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Protecting Your Home with a Camera System

There's been a rash of burglaries in town. And you're getting ready for an around-the-world trip. Yikes! Your home and all your possessions are going to need some protection.

How about a big dog? Nope. He'll get hungry in your absence. You need something that doesn't eat or need a bath. Something like surveillance cameras.

With today's cameras, all you need is an Internet connection. They'll send alerts to your computer or phone if anything moves. You can also see and hear what's going on back home. Costs are reasonable, setup is easy, and they never have to see the vet.

Closed-circuit TV systems...

CCTV systems are complete monitoring solutions. They include the cameras and a means to record video (using a DVR) in digital format. Some also include monitors for home viewing. This way, you can see who's at the front door from your family room.

If you opt for a CCTV system, take your time and plan carefully. The DVRs usually have limited connections. You'll see ones that accept four, eight or 16 wired cameras. So, make sure you can connect enough cameras.

You definitely want a system that works with your cell phone or the Internet. This way, you can respond to threats immediately. Swann, SVAT and Q-See make decent reasonably-priced CCTV systems.

For example, Costco sells Q-See's QSDR744KRTS-320 for $400 after a $300 rebate. It includes four color cameras and a seven-inch monitor.

The unit's DVR connects to your network via Ethernet. It holds 10 to 17.5 hours of video, depending on video quality.

It can record continuously, on a schedule, or when motion is detected. You can also opt to receive e-mail alerts when motion is detected.

The indoor/outdoor cameras can see up to 30 feet using night vision. They record video only. But the DVR can accommodate audio cameras.

You must use Internet Explorer under Windows to view the cameras. You can also connect via Windows Mobile Pro or Symbian (Nokia) phones. IPhone owners can watch via the free SuperCam app. A password is required.

Remote access requires a static IP address. IP addresses identify gadgets online. Your provider may use dynamic IP addresses. Q-See will give you a free domain name to access your cameras.

Most CCTV systems are not compatible with Macs. MCM is an exception, selling a Mac-compatible DVR for $340. You'll need to add cameras. Expect to pay about $200 for four.

Network cameras...

Network cameras are more expensive than CCTV systems. They connect directly to your home's router wirelessly or via Ethernet for remote monitoring. D-Link, Linksys, Panasonic and others make them.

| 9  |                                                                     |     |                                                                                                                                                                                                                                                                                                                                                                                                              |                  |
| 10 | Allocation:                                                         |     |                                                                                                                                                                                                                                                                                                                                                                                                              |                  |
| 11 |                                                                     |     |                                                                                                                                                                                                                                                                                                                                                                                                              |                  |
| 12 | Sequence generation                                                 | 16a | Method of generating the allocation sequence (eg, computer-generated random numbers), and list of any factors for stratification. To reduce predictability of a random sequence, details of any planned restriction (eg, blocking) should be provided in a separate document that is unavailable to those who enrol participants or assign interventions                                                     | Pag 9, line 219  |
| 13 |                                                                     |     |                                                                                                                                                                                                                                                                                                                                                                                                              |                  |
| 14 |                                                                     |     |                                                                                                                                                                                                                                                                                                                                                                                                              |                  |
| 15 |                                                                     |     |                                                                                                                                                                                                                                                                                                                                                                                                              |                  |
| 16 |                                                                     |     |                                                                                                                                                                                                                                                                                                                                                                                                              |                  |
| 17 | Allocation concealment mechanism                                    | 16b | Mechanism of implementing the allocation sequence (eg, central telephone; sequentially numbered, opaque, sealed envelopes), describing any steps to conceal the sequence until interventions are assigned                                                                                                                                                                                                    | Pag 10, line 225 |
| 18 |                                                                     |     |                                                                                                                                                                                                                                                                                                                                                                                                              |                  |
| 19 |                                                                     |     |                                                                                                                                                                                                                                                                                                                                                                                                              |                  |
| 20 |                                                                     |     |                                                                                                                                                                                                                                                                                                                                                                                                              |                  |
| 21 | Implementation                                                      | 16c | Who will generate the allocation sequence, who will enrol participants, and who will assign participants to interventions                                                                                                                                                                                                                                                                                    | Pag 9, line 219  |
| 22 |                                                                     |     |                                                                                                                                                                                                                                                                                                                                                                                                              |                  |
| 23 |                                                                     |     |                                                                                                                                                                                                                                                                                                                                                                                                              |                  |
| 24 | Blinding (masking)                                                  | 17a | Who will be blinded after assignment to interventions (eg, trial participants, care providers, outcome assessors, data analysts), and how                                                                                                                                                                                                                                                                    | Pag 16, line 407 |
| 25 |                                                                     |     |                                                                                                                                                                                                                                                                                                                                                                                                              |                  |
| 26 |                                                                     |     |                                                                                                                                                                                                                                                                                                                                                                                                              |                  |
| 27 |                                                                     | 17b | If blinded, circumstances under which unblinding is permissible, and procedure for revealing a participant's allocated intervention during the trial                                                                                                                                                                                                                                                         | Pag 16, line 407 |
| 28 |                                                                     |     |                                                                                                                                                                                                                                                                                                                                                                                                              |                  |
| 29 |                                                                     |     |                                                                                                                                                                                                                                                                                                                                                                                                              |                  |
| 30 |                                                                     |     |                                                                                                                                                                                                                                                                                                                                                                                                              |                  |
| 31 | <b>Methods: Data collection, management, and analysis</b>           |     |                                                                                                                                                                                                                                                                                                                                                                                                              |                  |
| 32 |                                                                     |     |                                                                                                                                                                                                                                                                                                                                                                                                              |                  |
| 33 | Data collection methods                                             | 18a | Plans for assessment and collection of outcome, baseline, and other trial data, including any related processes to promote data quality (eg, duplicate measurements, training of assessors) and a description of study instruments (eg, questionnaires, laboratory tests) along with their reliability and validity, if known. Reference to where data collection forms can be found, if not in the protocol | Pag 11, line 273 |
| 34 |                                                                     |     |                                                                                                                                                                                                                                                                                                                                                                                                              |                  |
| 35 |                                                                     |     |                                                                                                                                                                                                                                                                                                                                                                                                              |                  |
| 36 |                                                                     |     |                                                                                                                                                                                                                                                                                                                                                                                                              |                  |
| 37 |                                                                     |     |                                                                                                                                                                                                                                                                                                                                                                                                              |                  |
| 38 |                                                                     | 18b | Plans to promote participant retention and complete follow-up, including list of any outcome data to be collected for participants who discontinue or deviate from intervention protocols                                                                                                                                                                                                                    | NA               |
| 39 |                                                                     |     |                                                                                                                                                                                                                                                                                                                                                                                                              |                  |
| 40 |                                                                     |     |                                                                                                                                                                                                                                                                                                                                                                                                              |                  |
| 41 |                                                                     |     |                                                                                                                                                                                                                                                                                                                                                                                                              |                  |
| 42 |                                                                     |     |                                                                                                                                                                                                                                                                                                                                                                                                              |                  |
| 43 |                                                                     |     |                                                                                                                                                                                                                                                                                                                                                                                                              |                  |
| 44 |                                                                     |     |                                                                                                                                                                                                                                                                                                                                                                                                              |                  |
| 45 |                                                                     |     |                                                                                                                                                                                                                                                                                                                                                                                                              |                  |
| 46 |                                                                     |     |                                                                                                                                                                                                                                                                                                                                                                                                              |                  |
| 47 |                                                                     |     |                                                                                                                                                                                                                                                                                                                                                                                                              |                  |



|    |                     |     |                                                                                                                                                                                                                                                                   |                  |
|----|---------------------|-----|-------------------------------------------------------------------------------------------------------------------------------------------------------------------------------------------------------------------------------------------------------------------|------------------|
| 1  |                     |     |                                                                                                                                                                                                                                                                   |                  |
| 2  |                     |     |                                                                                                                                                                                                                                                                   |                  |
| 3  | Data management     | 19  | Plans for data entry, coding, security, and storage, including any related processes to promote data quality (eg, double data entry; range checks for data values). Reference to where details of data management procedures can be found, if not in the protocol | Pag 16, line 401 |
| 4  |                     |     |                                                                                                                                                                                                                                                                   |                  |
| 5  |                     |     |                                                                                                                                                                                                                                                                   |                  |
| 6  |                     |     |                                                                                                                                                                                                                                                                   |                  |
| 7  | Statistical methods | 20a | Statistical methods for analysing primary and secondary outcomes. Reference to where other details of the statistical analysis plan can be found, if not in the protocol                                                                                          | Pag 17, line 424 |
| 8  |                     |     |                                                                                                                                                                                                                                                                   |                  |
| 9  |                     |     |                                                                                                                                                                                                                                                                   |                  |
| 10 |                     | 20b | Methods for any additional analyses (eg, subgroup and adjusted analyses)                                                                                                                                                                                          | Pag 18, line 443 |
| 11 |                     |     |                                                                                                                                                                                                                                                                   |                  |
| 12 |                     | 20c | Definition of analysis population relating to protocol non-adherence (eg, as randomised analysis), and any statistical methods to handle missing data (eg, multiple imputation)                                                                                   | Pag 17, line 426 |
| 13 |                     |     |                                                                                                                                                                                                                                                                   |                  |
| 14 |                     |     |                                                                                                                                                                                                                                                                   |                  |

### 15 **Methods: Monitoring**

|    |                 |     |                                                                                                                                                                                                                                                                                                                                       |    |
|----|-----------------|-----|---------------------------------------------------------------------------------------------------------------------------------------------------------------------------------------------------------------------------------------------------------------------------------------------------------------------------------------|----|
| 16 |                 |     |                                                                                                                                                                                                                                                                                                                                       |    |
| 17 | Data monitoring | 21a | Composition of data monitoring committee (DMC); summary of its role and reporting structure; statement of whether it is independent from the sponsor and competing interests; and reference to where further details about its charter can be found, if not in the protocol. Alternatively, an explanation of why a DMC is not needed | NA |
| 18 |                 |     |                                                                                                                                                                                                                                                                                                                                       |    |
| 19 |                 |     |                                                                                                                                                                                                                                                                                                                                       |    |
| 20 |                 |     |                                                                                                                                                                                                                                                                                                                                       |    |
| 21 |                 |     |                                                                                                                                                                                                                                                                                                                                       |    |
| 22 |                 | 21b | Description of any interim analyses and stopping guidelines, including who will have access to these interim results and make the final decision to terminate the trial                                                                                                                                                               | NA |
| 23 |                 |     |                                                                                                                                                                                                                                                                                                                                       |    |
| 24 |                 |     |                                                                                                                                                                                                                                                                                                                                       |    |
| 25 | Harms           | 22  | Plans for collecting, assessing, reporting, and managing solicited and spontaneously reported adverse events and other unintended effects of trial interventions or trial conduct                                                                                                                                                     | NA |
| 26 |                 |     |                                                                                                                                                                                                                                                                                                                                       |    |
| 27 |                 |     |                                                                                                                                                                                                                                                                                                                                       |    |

Some network cameras feature pan/zoom/tilt and two-way audio. Shop carefully for affordable models; prices often approach $1,000.

Astak's Mole ($300) is an innovative stand-alone camera that connects via Ethernet or Wi-Fi. The camera pans 270 degrees and tilts 150 degrees. It's night-vision abilities are much more than you might expect from a camera at this price.

The Mole's built-in DVR records to SD cards. One gigabyte of memory holds about 36 hours of video at the lowest setting. It features two-way audio, so it can be used as an intercom, too.

Footage can be uploaded automatically to YouTube when motion is detected. The Mole also sends motion alerts via e-mail or Twitter.

The Mole can be controlled via a Windows or Mac Web browser. It even works with the iPhone's browser. Access is password-protected.


Standard webcams can double as surveillance cameras. They connect to computers via USB port, so placement is limited. However, webcams are suitable for monitoring a work area.

Specialty webcams are designed for video phone calls, but they often include monitoring tools. If not, Windows users should consider Active Webcam ($29) and Webcam Monitor ($70). SecuritySpy (about $50) works on Macs. My Webcam Broadcaster (free) works on Windows and Macs.

ICam ($5) lets you monitor webcams from a Java-enabled browser, iPhone or iPod Touch. You must have the free iCamSource installed on your Mac or PC.


Finally, WowWee's Rovio ($230) is a Wi-Fi-enabled robotic webcam. It'll wander around your home sending video and audio back to a phone, browser or gaming console. You can even interact with people in Rovio's view. You see and hear exactly what Rovio sees. And no need to worry about battery life. Rovio self-docks when it needs to be recharged.

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